While many of Levy’s friends have been supportive of her efforts, others have cautioned her that speaking out might damage her reputation in the industry. But as a young woman and a performing artist, she feels that standing up to create a safer industry is imperative.
“This career has been touted as this safe, inclusive space where anyone can come, which has been proven time and time again to just not be true,” Levy said. “I want to be able to enter this career knowing that it is truly a safe space, not just a safe space for men.”
In December, American Theatre reached out to the production team to ask about how it would ensure the safety of the cast in light of Ramasar’s past behavior. Producer Scott Rudin responded: “The actions we take to ensure the safety of the company of West Side Story are exactly the same actions we take to insure the company of every show we produce or have produced. The safety of the actors in our shows is top of mind for us always and in everything.”
Though there have been no reports of harassment behind the scenes at West Side Story, one cast member recently reached out anonymously to Chris Peterson at OnstageBlog to say, “I support anyone and everyone protesting Amar’s casting. I’m not speaking for anyone else in the cast, but it’s been an issue for me from the moment he showed up to rehearsals. I haven’t followed the story from day one, but when I did read the details, I was and still am appalled. I hate that I have to share the stage with him. I hate seeing him smile or laugh backstage. I hate seeing him reap rewards of adoration from audiences who don’t know or who haven’t bothered to look up what happened.”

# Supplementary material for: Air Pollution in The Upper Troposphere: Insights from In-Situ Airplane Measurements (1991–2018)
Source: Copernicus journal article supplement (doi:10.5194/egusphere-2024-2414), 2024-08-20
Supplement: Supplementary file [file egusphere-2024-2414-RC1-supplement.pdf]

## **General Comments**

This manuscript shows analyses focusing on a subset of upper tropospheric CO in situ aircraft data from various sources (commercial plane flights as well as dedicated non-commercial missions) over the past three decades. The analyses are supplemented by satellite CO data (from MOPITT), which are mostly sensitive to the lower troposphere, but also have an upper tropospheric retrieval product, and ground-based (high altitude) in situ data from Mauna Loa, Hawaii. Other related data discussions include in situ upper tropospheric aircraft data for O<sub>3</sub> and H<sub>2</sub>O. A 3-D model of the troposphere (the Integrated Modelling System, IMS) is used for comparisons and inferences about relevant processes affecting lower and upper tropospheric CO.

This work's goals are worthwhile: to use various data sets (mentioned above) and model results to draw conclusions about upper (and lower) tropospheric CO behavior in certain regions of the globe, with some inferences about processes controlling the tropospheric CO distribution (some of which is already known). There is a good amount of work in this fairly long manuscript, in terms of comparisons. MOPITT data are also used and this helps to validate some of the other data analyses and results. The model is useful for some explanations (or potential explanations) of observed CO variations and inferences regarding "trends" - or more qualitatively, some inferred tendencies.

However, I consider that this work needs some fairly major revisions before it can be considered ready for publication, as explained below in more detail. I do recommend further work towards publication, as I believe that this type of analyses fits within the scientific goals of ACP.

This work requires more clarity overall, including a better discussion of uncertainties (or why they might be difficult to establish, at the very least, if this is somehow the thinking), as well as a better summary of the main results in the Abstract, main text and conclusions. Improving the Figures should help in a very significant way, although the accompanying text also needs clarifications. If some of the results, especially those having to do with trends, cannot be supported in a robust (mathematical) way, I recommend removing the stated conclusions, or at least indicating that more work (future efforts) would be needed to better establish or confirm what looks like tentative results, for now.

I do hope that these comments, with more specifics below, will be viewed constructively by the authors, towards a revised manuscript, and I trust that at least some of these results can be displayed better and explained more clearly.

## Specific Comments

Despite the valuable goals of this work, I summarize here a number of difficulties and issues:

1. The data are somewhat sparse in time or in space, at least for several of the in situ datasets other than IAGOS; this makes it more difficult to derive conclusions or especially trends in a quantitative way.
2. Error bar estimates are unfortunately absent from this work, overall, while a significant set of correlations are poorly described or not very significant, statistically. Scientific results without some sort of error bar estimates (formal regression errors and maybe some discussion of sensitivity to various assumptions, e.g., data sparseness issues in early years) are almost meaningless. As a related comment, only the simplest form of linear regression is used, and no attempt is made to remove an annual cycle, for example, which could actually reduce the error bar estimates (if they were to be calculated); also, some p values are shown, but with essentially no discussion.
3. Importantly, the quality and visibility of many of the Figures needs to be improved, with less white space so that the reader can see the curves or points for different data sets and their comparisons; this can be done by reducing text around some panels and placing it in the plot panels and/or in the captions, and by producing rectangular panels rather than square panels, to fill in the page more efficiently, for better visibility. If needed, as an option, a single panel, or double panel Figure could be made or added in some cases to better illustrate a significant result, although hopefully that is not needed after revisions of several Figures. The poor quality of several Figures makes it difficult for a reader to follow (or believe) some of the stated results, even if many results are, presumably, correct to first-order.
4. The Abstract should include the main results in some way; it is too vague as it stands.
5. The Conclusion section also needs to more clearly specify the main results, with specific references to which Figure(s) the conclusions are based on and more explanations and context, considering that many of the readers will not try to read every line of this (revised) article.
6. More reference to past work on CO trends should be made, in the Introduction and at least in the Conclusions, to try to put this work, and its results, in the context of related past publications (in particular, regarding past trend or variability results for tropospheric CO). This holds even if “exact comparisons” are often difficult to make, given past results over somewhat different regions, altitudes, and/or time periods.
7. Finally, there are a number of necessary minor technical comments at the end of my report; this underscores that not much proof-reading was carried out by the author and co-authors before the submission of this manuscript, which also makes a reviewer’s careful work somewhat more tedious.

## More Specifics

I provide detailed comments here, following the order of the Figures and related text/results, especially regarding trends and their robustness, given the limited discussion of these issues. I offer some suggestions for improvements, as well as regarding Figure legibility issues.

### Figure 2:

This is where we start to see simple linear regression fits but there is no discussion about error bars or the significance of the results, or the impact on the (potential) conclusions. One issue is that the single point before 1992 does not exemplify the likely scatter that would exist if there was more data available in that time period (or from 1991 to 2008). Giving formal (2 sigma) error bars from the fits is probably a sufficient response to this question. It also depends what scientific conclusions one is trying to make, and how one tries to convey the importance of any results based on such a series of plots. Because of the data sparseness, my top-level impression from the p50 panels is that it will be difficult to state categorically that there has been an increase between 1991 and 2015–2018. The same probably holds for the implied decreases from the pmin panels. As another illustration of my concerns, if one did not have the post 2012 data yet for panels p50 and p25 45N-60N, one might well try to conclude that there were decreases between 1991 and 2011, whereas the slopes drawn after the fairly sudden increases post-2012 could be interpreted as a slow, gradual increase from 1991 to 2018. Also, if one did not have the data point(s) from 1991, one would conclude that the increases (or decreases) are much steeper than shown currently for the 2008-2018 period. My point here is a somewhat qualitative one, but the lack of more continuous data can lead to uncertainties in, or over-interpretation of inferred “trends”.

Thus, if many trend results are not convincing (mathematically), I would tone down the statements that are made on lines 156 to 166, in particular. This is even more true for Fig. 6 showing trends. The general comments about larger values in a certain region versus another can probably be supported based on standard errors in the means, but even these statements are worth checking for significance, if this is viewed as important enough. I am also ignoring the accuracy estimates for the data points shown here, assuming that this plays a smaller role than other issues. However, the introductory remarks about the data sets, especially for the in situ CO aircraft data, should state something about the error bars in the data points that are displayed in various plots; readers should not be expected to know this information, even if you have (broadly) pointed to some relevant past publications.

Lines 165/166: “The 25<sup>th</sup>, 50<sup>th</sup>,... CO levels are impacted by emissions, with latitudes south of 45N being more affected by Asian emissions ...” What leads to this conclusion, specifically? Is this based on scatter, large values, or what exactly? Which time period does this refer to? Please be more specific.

When asked about the petition and protest, Rick Miramontez, president of DKC/O&M, the PR firm representing West Side Story, sent a prepared statement. “The incident that occurred while Amar Ramasar was employed by New York City Ballet was addressed by NYCB and Mr. Ramasar’s union in a formal arbitration proceeding,” the statement read. With the backing of that union, the American Guild of Musical Artists, Ramasar was indeed reinstated to NYCB as a principal dancer, and he has remained a member in good standing of Actors’ Equity Association.
For her part, Waterbury expressed gratitude to Levy and Rabin. “I’m humbled that other young women went out of their way to take action surrounding my case,” she wrote in an email. “Social media has been a great tool to spread awareness about sexual abuse and assault, but oftentimes results in little or no action. Megan and Paige took the next steps to achieve justice and equality, not just for me, but for women everywhere, in every industry.”